George Bernard Shaw: Man of the Century

By Archibald Henderson | Go to book overview

CHAPTER 65
The End of the Beginning1

EVERY MOMENT IN HISTORY IS BOTH AN END AND A BEGINNING. THE PRESENT moment insistently compels a retrospect of the colorful and spectacular career of this man of the century who left a distinctive mark upon the thought and culture of our time. This retrospect is taken in the present centennial biography covering the period from 1856 to 1956. The publication of this work, written with the subject's assistance and encouragement, marks the conclusion of unremitting studies, covering more than half a century, of all phases of the life and career of the most widely publicized literary figure of the contemporary era. Since the very beginning of this biographical pilgrimage which began in 1904, I have treated Shaw as a towering genius and one of the world's great masters of the drama. This I have done deliberately in defiance of convention, without considering the ultimate verdict of posterity. This bold assumption of his literary immortality now appears to be justified by the achievements during his lifetime, recorded in the present work. The dial marks the end of a life and the appearance of its record by the biographer: the beginning of posthumous critical contemplation and appraisal of a protean genius, typical of an age, the tone and temper of which he did so much to create.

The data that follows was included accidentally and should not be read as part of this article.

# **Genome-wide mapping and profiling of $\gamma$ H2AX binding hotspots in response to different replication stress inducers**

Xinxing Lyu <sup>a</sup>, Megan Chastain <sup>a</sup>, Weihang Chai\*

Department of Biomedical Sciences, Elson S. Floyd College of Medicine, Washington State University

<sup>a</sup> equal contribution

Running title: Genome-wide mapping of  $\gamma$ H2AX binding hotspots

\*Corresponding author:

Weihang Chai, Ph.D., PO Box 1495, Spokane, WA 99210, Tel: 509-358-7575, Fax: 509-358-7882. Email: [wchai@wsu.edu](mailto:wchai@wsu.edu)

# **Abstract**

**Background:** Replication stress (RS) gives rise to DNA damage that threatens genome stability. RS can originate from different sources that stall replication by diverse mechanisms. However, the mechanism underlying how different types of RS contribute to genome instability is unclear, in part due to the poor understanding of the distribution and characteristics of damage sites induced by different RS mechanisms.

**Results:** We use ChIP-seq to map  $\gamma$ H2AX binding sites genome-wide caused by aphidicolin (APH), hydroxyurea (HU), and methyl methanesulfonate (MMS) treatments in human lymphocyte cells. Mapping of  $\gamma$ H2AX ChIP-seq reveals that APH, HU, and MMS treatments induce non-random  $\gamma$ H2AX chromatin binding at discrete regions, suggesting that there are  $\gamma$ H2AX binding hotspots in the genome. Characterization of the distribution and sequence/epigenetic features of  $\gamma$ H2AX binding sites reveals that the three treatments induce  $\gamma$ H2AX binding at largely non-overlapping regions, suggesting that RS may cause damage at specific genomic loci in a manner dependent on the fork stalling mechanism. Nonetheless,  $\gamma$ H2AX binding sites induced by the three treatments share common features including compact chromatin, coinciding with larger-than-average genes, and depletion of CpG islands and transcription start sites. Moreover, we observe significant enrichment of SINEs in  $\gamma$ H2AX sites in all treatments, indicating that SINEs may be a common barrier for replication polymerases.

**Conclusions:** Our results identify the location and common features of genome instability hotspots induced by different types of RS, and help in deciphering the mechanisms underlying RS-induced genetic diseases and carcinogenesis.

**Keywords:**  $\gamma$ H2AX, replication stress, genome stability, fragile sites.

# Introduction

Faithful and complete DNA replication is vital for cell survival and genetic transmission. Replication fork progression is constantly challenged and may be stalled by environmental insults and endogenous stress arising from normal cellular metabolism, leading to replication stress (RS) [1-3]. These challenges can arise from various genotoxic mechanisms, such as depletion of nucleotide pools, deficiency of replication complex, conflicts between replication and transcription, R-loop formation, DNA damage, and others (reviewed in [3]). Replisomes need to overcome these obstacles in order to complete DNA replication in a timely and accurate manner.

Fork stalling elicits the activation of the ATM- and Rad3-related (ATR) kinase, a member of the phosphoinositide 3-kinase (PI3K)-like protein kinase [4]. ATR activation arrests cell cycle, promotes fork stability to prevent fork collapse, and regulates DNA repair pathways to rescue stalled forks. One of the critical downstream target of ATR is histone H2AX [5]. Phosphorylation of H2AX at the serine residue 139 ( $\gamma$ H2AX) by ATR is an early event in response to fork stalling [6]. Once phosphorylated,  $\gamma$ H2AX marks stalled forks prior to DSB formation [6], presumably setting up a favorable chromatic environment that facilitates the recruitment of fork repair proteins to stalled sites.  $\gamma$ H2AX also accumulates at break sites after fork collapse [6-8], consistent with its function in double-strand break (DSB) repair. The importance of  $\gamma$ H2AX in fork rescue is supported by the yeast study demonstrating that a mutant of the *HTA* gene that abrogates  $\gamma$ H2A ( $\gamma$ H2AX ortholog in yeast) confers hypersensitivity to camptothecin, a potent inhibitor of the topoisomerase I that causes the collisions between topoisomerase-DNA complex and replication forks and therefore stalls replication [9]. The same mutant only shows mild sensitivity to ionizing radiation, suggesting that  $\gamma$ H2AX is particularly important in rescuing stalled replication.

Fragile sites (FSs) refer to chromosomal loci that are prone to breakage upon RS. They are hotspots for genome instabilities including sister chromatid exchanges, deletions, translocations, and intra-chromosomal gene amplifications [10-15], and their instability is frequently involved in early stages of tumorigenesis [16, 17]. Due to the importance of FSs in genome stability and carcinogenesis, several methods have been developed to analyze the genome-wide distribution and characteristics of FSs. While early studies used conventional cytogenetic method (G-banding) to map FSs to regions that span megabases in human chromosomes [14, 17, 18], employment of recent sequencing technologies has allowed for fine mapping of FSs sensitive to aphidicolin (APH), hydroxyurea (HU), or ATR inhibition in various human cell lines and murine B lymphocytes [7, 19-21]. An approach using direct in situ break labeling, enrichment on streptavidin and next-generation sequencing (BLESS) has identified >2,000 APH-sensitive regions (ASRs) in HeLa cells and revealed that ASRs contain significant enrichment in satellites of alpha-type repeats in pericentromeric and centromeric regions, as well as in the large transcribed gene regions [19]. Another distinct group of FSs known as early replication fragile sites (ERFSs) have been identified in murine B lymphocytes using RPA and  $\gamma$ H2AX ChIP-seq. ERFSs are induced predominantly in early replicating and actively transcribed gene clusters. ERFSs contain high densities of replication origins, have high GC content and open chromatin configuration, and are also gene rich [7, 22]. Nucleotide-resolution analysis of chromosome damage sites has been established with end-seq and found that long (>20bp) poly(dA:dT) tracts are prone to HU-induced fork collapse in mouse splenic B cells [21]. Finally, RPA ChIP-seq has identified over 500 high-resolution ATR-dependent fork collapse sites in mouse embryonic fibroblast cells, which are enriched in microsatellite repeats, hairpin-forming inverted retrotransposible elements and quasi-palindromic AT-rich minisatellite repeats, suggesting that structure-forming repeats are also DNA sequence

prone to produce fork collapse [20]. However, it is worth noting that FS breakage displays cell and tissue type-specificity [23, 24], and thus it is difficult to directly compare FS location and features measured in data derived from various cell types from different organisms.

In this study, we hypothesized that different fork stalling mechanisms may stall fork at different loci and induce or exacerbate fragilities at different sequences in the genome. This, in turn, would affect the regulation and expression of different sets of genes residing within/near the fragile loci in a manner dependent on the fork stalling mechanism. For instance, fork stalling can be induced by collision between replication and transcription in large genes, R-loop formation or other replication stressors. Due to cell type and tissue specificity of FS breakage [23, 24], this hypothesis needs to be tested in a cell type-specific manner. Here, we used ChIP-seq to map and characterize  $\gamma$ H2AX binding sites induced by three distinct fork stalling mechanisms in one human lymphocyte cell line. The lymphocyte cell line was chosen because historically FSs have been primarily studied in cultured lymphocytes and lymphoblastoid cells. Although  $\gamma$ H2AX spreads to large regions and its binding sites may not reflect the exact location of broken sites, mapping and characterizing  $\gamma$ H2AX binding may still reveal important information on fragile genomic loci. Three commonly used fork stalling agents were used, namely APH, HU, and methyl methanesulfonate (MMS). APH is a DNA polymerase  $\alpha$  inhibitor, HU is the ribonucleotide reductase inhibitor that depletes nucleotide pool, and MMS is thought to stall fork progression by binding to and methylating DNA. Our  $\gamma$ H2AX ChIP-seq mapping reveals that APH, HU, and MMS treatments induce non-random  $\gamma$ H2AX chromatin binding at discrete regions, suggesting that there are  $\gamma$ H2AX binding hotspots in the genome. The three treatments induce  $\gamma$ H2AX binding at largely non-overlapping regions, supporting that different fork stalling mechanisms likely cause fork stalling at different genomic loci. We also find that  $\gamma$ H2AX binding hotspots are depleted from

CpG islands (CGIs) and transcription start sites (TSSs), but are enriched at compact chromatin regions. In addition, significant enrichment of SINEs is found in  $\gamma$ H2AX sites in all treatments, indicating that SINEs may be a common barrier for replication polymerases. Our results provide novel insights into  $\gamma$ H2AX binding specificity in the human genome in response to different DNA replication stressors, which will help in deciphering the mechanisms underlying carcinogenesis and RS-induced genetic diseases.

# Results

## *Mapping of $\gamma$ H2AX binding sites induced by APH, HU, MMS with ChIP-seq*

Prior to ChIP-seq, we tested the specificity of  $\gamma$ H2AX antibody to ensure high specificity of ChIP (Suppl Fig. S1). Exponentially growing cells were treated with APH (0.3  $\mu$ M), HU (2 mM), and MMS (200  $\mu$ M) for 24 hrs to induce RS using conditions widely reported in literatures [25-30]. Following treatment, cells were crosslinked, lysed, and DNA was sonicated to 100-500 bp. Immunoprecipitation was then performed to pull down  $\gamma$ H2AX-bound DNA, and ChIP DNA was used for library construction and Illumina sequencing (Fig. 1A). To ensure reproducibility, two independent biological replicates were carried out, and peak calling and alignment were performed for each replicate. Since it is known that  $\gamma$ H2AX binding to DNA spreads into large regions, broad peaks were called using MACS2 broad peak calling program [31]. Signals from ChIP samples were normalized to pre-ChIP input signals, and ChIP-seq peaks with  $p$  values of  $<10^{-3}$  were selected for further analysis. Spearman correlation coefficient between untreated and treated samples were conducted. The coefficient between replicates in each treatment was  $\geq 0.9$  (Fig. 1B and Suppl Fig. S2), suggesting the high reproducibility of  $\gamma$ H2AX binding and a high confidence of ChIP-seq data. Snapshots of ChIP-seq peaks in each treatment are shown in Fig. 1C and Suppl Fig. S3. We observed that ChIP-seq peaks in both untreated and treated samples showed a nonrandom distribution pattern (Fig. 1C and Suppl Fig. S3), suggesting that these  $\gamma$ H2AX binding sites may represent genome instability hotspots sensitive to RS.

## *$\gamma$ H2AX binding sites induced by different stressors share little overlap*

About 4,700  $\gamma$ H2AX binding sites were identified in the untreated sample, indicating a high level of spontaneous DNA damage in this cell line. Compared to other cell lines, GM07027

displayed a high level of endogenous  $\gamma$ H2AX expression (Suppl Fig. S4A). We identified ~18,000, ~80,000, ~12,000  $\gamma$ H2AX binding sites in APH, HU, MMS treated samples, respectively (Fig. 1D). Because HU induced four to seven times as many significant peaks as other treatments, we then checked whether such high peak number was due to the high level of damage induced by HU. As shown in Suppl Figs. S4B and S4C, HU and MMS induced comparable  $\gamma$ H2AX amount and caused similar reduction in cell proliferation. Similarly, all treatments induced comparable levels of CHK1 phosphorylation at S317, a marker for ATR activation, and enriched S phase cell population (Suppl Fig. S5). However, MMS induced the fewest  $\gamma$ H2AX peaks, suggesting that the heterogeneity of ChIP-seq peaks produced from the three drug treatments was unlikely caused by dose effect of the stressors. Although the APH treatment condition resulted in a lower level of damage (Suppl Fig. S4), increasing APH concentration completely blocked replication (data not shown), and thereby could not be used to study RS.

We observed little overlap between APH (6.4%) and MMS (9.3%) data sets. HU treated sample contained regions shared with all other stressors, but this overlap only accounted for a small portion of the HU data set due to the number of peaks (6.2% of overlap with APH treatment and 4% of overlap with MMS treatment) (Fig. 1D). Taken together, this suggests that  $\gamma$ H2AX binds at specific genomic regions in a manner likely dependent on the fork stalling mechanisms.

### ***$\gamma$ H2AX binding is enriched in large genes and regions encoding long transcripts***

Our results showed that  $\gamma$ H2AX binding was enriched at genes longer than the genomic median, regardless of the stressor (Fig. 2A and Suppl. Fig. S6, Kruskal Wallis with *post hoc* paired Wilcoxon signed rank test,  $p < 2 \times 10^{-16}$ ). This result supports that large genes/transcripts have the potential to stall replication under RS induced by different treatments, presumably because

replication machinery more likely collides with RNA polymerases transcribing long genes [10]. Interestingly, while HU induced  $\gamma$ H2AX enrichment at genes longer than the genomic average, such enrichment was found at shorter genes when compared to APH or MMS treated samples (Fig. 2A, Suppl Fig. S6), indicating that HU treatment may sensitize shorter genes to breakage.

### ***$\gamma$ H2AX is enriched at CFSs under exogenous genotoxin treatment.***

To find in history Shaw's first authentic congener and true spiritual progenitor, we must turn our thoughts backwards some twenty-three and a half centuries to one of the most dramatic and moving episodes in all of human history. In the year 399 before Christ, Socrates, the great Greek teacher and philosopher, was arraigned before a tribunal of five hundred judges on two charges:

First. "Socrates is an evil-doer and a curious person, searching into things under the earth and above the heaven; and making the worse appear the better cause, and teaching all this to others."

Second. "Socrates is an evil-doer and corrupter of the youth, who does not receive the gods whom the state receives, but introduces other new divinities."

____________________
1
In an address at the Lord Mayor's Day Luncheon, London, November 10, 1942, the Hon. Winston Churchill said: " GeneralAlexander, with his brilliant comrade and lieutenant, General Montgomery, has gained a glorious and decisive victory in what I think should be called The Battle of Egypt. Rommel's army has been defeated, it has been routed, it has very largely been destroyed as a fighting force. . . . Now this is not the end. It is not even the beginning of the end. But it is, perhaps, the end of the beginning."

-881-

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